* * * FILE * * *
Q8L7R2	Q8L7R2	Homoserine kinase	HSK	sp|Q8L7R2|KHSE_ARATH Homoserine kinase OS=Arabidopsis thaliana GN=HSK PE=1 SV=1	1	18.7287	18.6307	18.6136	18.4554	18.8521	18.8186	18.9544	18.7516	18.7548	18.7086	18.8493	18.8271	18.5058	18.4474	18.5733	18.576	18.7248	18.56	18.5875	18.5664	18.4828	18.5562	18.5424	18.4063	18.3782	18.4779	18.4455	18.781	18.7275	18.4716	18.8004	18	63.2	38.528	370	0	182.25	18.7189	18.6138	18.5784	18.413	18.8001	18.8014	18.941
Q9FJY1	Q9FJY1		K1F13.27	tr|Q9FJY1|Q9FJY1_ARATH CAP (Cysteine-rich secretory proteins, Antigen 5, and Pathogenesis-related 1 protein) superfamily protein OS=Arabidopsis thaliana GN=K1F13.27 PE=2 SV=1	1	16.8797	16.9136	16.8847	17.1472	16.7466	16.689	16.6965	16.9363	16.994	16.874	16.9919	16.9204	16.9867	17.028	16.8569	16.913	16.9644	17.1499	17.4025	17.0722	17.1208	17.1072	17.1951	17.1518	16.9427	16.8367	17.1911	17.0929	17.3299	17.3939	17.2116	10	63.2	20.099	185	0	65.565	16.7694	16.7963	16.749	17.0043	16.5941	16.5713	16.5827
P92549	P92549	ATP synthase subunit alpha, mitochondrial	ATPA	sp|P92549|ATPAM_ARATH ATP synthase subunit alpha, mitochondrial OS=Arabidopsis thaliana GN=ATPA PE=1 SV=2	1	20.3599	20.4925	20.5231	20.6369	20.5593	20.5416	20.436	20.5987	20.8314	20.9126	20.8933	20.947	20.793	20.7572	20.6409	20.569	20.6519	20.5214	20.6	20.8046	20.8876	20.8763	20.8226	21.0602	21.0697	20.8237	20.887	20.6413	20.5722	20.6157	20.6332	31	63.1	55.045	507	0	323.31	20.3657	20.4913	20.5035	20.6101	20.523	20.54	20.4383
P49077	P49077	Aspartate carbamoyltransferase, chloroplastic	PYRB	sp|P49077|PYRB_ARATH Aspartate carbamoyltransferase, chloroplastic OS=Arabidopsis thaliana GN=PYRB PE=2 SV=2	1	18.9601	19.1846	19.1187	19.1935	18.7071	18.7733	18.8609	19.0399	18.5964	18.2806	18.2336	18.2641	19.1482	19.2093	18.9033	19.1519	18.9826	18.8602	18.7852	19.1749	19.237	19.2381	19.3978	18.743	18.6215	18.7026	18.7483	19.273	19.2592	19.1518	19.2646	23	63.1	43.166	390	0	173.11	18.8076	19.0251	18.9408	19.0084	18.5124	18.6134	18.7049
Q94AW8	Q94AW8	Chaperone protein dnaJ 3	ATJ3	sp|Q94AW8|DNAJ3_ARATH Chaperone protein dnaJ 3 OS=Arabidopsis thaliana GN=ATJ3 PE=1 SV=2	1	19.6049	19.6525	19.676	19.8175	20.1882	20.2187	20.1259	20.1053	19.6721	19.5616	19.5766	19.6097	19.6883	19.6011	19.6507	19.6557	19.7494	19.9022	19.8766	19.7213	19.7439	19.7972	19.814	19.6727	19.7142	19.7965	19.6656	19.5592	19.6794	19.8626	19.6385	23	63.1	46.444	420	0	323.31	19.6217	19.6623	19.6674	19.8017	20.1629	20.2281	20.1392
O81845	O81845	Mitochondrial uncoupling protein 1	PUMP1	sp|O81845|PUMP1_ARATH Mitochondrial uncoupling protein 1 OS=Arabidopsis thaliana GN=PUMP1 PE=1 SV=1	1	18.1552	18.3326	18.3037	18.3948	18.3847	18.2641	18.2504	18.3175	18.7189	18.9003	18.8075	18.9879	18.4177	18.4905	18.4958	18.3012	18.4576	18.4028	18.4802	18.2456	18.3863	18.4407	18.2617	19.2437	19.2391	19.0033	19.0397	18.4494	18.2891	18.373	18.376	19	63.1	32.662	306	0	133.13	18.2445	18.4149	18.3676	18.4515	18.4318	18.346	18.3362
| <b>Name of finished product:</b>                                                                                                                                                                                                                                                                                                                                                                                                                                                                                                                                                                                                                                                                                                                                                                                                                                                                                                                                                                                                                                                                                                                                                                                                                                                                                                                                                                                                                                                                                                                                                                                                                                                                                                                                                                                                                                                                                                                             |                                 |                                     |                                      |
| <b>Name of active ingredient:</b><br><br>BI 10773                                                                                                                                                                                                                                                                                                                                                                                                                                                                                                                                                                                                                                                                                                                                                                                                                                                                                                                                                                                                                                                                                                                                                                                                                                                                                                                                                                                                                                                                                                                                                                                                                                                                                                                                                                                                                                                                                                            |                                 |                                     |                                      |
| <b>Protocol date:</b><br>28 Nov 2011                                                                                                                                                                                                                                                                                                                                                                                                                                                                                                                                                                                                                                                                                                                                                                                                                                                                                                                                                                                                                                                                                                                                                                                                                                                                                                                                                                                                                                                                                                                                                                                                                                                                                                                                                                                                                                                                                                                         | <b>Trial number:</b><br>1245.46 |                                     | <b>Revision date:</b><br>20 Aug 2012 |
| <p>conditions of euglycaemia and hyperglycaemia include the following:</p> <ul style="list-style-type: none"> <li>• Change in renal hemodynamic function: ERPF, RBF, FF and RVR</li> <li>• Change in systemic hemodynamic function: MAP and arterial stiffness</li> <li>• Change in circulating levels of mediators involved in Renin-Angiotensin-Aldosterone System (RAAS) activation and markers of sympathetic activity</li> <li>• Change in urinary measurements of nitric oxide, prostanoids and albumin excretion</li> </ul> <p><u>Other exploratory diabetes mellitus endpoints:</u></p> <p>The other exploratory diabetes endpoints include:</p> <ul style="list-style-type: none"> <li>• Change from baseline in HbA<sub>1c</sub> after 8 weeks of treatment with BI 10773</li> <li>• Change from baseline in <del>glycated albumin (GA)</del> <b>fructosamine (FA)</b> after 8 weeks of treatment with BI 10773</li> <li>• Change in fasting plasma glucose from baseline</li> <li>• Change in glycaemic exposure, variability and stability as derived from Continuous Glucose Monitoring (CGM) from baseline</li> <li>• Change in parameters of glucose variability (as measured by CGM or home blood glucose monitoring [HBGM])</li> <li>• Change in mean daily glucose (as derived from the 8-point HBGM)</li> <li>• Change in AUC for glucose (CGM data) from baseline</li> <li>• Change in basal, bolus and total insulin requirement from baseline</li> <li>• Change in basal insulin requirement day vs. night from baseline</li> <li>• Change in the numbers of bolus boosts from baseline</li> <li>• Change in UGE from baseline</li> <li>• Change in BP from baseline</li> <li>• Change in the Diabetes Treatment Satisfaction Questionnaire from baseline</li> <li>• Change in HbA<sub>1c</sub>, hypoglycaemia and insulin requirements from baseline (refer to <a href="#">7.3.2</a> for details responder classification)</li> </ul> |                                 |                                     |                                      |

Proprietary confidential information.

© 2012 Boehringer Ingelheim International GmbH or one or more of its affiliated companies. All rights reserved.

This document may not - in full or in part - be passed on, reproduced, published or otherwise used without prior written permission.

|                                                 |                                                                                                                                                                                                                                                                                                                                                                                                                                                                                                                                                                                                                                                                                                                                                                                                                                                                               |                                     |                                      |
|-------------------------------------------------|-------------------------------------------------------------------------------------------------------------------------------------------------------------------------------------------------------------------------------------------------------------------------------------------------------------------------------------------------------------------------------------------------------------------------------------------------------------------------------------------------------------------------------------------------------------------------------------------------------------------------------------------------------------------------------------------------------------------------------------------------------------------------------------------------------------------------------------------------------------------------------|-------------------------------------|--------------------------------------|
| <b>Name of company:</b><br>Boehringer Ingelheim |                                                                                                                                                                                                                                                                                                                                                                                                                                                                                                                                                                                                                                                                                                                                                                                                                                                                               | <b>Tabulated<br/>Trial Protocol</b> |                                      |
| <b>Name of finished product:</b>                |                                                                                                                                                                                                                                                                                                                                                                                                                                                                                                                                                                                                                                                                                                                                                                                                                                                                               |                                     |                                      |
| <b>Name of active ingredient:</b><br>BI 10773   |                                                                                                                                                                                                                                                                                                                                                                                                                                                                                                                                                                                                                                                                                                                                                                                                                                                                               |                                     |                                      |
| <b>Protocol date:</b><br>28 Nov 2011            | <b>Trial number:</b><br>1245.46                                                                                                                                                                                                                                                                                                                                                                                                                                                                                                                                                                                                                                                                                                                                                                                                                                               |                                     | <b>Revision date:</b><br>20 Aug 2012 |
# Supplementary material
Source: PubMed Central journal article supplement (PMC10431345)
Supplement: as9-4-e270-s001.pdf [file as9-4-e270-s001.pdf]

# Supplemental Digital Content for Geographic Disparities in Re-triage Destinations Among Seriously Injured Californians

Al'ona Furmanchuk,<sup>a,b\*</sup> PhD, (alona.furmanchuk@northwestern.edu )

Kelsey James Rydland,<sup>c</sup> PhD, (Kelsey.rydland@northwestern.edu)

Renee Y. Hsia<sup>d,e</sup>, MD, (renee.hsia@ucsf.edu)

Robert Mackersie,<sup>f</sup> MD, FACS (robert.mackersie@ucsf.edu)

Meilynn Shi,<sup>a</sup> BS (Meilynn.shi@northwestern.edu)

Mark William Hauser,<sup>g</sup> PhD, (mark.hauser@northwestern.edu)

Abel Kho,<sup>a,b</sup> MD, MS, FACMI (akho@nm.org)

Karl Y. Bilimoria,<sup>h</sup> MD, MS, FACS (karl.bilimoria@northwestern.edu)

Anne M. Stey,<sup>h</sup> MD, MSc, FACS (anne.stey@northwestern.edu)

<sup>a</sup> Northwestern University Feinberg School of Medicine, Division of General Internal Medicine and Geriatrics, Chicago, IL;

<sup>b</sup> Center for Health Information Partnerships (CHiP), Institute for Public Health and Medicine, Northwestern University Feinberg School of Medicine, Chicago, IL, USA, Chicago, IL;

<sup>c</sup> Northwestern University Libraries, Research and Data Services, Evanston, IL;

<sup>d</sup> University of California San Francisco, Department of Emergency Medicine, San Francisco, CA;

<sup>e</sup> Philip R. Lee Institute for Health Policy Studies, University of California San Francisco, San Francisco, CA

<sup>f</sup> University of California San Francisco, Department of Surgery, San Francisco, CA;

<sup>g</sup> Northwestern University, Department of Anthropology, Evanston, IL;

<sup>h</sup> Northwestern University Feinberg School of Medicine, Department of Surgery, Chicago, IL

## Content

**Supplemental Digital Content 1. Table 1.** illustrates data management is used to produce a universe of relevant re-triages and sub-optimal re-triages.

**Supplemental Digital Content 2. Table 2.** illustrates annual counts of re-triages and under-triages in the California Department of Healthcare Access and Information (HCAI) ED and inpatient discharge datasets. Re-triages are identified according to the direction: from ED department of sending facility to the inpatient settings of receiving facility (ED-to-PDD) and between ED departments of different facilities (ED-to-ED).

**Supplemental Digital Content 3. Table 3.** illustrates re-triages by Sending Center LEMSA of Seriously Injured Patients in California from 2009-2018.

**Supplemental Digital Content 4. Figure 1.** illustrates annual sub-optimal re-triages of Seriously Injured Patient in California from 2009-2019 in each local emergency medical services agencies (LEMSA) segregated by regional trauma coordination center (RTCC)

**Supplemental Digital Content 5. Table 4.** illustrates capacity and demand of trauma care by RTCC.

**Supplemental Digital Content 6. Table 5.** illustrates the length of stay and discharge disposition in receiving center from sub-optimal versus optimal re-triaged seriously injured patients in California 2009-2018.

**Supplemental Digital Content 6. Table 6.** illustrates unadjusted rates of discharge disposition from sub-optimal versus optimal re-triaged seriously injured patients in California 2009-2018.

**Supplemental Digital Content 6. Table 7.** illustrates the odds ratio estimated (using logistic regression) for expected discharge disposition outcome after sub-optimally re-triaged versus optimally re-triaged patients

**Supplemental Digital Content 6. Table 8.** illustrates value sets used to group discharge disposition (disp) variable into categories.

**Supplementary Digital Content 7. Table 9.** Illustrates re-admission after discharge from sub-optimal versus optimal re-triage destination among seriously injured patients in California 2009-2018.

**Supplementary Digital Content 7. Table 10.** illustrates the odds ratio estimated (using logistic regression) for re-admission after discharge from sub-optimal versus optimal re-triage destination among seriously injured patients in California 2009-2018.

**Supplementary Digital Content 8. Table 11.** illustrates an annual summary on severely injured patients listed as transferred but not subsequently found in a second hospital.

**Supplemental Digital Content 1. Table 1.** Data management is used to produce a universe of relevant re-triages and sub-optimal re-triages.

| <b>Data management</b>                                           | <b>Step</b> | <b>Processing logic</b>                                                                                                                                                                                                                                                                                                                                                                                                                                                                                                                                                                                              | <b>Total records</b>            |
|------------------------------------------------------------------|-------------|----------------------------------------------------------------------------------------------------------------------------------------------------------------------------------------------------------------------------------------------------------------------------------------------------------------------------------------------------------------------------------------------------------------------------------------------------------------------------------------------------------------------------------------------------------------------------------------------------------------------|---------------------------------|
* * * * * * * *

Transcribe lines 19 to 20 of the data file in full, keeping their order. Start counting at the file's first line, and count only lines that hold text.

| <b>Protocol date:</b><br>28 Nov 2011            | <b>Trial number:</b><br>1245.46                                                                                                                                                                                                                                                                                                                                                                                                                                                                                                                                                                                                                                                                                                                                                                                                                                               |                                     | <b>Revision date:</b><br>20 Aug 2012 |
# Supplementary material